IFRS 16 Leases (“IFRS 16”) replaces IAS 17 Leases (“IAS 17”) and the related Interpretations: IFRIC 4 Determining whether an Arrangement contains a Lease, SIC-15 Operating Leases – Incentives and SIC-27 Evaluating the Substance of Transactions Involving the Legal Form of a Lease.
IFRS 16, which applies to periods beginning on or after 1 January 2019, sets out a comprehensive model for the identification of lease arrangements and their treatment in the financial statements of both lessees and lessors.
The requirements of IFRS 16 are comprehensive and, in many places, complex. It is advisable, therefore, to refer to the standard itself to determine the correct accounting treatment for any item or transaction.
Accompanying IFRS 16 are twenty-four ‘illustrative examples’, which illustrate aspects of the new standard but are not intended to provide interpretative guidance.
Core principles and summary of changes from previous standards
IFRS 16 establishes principles for the recognition, measurement, presentation and disclosure of leases, with the objective of ensuring that lessees and lessors provide relevant information that faithfully represents those transactions.
The standard provides a single lessee accounting model, requiring lessees to recognise assets and liabilities for all leases (whether they would be classified as “operating” or “finance” under IAS 17) unless the lease term is 12 months or less or the underlying asset has a low value.
This model requires recognition of:
- a “right of use” asset, to reflect the lessee’s right to use the leased asset for the lease term; and
- a lease liability, to reflect their obligation to make lease payments.
This fundamentally changes the accounting treatment for leases that are classified as “operating” under IAS 17. Lessors continue to classify leases as “operating” or “finance”, with IFRS 16’s approach to lessor accounting substantially unchanged from IAS 17.
IFRS 16 also changes the definition of a lease compared with IAS 17. This is driven much more by the question of which party to the contract controls the use of the underlying asset for the period of use.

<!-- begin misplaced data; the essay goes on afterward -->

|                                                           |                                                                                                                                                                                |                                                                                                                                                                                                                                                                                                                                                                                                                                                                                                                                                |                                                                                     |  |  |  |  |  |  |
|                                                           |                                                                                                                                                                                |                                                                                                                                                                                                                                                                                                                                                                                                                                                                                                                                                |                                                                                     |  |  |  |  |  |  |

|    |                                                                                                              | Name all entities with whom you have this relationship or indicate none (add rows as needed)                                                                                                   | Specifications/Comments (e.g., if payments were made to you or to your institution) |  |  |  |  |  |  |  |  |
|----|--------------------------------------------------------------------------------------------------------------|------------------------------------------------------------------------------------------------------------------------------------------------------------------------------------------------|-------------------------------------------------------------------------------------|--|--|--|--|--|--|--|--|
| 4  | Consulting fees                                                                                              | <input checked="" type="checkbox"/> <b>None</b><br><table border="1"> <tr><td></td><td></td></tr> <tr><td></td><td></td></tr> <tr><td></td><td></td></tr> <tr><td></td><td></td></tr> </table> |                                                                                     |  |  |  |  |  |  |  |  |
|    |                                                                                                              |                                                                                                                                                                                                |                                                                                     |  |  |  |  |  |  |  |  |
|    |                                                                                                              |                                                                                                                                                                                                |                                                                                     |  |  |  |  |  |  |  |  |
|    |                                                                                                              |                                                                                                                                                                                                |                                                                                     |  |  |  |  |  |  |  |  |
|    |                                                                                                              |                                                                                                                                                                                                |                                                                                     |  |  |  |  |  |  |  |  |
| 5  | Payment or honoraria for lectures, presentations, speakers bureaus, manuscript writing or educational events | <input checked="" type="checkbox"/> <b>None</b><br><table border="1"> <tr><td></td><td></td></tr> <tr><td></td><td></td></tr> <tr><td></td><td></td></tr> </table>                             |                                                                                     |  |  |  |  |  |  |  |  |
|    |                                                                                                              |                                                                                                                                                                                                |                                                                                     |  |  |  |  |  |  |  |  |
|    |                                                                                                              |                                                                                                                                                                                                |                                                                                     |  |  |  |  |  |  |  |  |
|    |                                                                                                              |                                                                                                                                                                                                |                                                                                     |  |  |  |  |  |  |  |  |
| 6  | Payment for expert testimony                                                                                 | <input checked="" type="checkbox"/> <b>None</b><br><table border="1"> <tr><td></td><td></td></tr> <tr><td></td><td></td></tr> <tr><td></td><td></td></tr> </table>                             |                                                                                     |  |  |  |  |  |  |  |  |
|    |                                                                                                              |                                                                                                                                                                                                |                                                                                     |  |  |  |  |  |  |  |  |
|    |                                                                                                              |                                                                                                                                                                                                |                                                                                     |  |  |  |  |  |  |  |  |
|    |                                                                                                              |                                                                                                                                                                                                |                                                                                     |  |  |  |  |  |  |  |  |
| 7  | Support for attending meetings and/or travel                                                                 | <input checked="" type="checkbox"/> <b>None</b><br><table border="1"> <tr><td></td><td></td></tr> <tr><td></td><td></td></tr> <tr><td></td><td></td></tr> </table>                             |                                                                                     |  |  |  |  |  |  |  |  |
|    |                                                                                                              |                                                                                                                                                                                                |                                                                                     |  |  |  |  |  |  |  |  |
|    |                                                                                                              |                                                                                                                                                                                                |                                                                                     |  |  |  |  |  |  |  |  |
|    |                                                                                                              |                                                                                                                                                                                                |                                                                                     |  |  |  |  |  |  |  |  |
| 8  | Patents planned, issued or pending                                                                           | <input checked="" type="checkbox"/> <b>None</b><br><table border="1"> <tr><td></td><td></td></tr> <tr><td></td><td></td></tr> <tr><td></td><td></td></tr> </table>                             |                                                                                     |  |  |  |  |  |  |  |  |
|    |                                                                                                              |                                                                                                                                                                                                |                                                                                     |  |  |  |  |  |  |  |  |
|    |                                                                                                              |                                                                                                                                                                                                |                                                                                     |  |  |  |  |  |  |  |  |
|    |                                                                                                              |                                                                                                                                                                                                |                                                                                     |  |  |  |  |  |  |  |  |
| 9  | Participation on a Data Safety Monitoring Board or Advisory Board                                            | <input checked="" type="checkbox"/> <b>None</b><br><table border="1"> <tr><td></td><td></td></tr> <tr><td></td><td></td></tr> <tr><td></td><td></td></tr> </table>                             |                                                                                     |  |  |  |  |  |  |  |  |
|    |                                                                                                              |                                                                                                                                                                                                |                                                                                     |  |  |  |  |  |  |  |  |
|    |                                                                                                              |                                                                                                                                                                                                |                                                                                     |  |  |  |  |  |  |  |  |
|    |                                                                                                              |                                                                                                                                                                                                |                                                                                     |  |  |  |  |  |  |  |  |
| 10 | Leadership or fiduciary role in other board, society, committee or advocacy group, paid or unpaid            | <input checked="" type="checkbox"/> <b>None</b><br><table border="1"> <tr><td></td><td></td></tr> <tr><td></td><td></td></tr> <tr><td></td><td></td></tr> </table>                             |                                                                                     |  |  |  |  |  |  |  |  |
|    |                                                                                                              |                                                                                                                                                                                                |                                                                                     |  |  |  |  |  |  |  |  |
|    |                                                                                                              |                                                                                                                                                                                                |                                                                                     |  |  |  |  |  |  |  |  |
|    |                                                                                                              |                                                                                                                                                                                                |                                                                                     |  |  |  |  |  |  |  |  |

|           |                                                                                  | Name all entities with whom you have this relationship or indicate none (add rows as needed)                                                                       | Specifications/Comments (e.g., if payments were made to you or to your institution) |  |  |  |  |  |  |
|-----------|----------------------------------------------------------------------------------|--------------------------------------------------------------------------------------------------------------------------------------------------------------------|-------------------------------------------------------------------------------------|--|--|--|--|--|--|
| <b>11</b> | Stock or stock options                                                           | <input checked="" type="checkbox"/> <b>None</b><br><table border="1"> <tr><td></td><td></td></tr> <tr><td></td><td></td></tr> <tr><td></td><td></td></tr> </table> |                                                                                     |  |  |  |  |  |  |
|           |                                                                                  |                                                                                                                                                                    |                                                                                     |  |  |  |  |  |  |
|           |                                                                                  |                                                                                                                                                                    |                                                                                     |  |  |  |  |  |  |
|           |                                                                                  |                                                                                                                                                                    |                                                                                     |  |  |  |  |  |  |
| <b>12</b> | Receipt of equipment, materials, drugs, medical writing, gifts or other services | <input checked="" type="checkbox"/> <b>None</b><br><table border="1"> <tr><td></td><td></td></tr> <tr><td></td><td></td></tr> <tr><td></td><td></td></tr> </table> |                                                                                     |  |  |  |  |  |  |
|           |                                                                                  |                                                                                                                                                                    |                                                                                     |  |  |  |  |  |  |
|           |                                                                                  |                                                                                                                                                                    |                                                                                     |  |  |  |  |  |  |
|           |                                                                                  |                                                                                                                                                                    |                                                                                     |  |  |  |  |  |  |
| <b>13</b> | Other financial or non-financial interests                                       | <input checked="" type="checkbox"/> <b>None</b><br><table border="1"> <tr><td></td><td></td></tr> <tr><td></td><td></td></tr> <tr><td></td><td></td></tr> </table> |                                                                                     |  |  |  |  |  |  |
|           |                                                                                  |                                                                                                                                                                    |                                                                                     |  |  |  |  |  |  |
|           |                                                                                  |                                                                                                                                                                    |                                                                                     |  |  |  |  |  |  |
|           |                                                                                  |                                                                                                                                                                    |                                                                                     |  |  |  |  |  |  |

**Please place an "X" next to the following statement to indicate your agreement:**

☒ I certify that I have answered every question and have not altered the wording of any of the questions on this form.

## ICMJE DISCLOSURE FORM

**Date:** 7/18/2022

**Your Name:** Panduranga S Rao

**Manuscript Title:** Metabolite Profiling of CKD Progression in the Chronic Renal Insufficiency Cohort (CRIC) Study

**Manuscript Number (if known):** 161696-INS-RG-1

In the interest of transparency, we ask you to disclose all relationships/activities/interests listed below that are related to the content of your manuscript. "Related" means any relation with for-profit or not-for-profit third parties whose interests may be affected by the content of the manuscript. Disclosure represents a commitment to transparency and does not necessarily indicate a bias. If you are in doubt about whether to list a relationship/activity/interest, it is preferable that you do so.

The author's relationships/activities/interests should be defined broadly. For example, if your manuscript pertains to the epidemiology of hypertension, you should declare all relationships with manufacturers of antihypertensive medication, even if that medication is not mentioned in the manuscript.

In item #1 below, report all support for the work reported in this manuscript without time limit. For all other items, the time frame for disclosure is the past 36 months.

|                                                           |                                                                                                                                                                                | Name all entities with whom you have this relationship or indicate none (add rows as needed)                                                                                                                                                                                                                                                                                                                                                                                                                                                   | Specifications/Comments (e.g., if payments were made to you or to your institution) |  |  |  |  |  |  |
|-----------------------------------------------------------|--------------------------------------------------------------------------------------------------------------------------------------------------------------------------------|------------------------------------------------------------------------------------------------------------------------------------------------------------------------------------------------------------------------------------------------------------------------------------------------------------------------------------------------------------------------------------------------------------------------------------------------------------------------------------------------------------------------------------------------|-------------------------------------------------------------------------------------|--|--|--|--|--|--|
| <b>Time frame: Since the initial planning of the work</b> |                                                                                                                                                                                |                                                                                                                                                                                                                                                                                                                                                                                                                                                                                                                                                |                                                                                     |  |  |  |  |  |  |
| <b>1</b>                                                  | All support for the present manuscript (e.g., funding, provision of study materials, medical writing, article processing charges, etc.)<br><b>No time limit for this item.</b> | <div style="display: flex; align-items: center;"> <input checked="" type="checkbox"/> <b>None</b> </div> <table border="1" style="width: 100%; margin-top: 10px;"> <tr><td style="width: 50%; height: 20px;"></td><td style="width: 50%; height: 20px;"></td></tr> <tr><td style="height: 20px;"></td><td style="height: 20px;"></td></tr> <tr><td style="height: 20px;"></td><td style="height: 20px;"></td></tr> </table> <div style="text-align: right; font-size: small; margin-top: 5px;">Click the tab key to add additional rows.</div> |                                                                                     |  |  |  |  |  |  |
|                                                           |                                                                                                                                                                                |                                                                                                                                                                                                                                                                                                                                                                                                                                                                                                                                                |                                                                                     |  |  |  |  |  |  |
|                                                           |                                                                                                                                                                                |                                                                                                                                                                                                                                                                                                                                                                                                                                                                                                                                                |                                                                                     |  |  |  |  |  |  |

There may be some contracts that were accounted for as leases under IAS 17 but which fail to meet the definition of a lease under IFRS 16 because of increased focus on the need to control an identified asset. In these cases, the contracts would be accounted for as service contracts.
IFRS 16 allows lessees and lessors to apply the standard to a portfolio of leases with similar characteristics if the entity reasonably experts that the result will not be materially different from applying the standard to each individual lease. In addition, it introduces significant new disclosure requirements, particularly for lessees.
The new regime will have significant implications for your business if you are an IFRS-preparer with a substantial operating-lease portfolio. Please contact Stephen Drew at Smith & Williamson for further advice.
By necessity, this briefing can only provide a short overview and it is essential to seek professional advice before applying the contents of this article. This briefing does not constitute advice nor a recommendation relating to the acquisition or disposal of investments. No responsibility can be taken for any loss arising from action taken or refrained from on the basis of this publication. Details correct at time of writing.
This article was previously published on Smith & Williamson prior to the launch of Evelyn Partners.